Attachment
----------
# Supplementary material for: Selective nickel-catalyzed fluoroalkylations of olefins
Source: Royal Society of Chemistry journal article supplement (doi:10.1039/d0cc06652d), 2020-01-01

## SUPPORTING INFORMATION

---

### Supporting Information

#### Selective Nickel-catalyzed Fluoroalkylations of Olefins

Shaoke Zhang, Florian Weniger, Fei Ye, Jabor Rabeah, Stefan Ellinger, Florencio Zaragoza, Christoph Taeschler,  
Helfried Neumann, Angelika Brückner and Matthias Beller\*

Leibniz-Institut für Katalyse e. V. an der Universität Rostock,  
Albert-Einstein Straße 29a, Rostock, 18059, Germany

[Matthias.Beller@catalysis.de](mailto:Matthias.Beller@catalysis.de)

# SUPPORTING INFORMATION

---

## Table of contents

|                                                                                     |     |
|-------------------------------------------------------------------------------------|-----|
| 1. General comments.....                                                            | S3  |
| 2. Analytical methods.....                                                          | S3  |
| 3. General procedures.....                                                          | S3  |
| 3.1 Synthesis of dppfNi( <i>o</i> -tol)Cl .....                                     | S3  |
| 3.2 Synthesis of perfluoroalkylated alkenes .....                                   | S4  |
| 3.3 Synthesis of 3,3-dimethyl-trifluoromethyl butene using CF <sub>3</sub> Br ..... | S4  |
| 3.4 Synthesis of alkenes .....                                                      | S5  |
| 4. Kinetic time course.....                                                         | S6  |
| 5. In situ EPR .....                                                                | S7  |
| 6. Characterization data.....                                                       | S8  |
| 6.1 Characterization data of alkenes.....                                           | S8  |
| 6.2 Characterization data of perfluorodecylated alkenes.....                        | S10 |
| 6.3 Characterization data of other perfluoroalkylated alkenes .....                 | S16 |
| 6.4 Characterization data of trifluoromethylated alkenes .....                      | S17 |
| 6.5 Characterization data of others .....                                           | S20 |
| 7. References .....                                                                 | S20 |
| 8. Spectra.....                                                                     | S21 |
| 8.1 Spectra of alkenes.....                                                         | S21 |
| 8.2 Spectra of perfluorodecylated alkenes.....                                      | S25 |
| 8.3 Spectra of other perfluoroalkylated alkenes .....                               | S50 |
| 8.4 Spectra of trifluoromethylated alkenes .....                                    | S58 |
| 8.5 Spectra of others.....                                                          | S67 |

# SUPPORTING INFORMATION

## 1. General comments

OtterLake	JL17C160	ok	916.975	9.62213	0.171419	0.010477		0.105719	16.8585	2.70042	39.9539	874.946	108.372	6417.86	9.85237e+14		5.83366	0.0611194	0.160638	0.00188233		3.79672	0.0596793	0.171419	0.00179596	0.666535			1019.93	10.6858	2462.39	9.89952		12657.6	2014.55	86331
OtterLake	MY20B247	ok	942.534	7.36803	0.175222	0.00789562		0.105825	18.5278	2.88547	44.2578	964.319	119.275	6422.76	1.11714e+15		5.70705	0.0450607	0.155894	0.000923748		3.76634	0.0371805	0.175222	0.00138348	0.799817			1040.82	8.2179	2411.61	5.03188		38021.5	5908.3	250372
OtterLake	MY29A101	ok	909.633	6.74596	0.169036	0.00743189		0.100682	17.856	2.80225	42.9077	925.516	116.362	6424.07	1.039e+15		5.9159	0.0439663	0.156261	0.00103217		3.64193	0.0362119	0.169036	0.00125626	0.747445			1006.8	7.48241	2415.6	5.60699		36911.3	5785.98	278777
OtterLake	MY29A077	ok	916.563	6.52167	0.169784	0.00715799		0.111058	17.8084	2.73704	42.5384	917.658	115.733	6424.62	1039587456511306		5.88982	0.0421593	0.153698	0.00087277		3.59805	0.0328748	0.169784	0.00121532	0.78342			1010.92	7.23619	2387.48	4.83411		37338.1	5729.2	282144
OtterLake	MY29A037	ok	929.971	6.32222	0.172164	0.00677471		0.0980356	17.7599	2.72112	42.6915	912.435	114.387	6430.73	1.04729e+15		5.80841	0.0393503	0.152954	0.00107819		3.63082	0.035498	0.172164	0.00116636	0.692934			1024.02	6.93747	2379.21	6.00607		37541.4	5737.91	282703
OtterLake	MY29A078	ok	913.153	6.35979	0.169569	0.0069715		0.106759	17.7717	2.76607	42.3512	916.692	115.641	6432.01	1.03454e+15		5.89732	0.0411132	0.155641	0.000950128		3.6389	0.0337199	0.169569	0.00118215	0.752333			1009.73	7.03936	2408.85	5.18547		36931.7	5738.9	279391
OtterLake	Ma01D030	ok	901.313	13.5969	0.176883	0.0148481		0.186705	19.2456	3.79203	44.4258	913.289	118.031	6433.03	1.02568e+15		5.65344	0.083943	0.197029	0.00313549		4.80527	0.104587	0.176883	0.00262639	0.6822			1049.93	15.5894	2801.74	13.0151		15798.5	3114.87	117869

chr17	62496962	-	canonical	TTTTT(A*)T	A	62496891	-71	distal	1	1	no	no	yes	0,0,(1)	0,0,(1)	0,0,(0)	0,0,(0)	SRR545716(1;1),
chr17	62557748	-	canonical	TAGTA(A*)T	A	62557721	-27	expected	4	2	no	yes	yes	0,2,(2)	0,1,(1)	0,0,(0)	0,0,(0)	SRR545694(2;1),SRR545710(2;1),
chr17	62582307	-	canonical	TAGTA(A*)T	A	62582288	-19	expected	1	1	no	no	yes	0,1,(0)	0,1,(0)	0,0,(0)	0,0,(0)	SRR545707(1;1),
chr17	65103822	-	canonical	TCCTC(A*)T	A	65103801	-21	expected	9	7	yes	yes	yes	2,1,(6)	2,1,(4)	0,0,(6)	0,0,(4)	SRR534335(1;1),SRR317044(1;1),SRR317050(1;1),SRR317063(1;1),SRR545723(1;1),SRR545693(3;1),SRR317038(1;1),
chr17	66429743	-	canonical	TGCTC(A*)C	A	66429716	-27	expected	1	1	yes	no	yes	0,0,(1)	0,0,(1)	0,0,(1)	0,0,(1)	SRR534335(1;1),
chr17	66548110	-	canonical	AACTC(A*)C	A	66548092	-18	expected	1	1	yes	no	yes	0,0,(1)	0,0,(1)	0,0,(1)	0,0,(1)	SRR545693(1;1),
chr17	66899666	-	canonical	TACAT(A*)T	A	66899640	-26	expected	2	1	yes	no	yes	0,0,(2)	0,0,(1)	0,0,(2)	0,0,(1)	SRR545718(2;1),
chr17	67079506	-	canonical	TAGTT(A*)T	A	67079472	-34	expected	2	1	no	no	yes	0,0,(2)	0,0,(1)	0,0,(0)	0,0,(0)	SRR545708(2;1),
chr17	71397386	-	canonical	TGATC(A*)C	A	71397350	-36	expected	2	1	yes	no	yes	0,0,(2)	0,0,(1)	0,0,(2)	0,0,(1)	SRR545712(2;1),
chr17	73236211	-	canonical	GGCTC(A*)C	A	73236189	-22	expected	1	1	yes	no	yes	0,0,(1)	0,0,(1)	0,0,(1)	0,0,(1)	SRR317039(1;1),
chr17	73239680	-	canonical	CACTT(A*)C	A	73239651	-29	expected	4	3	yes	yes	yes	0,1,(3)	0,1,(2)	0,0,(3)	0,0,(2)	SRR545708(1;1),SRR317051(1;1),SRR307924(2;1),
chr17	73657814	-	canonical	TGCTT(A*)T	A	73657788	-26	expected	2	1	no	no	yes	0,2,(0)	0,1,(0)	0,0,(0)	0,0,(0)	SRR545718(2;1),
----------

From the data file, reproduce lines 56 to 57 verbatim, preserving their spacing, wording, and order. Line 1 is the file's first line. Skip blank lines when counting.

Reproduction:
chr17	71397386	-	canonical	TGATC(A*)C	A	71397350	-36	expected	2	1	yes	no	yes	0,0,(2)	0,0,(1)	0,0,(2)	0,0,(1)	SRR545712(2;1),
chr17	73236211	-	canonical	GGCTC(A*)C	A	73236189	-22	expected	1	1	yes	no	yes	0,0,(1)	0,0,(1)	0,0,(1)	0,0,(1)	SRR317039(1;1),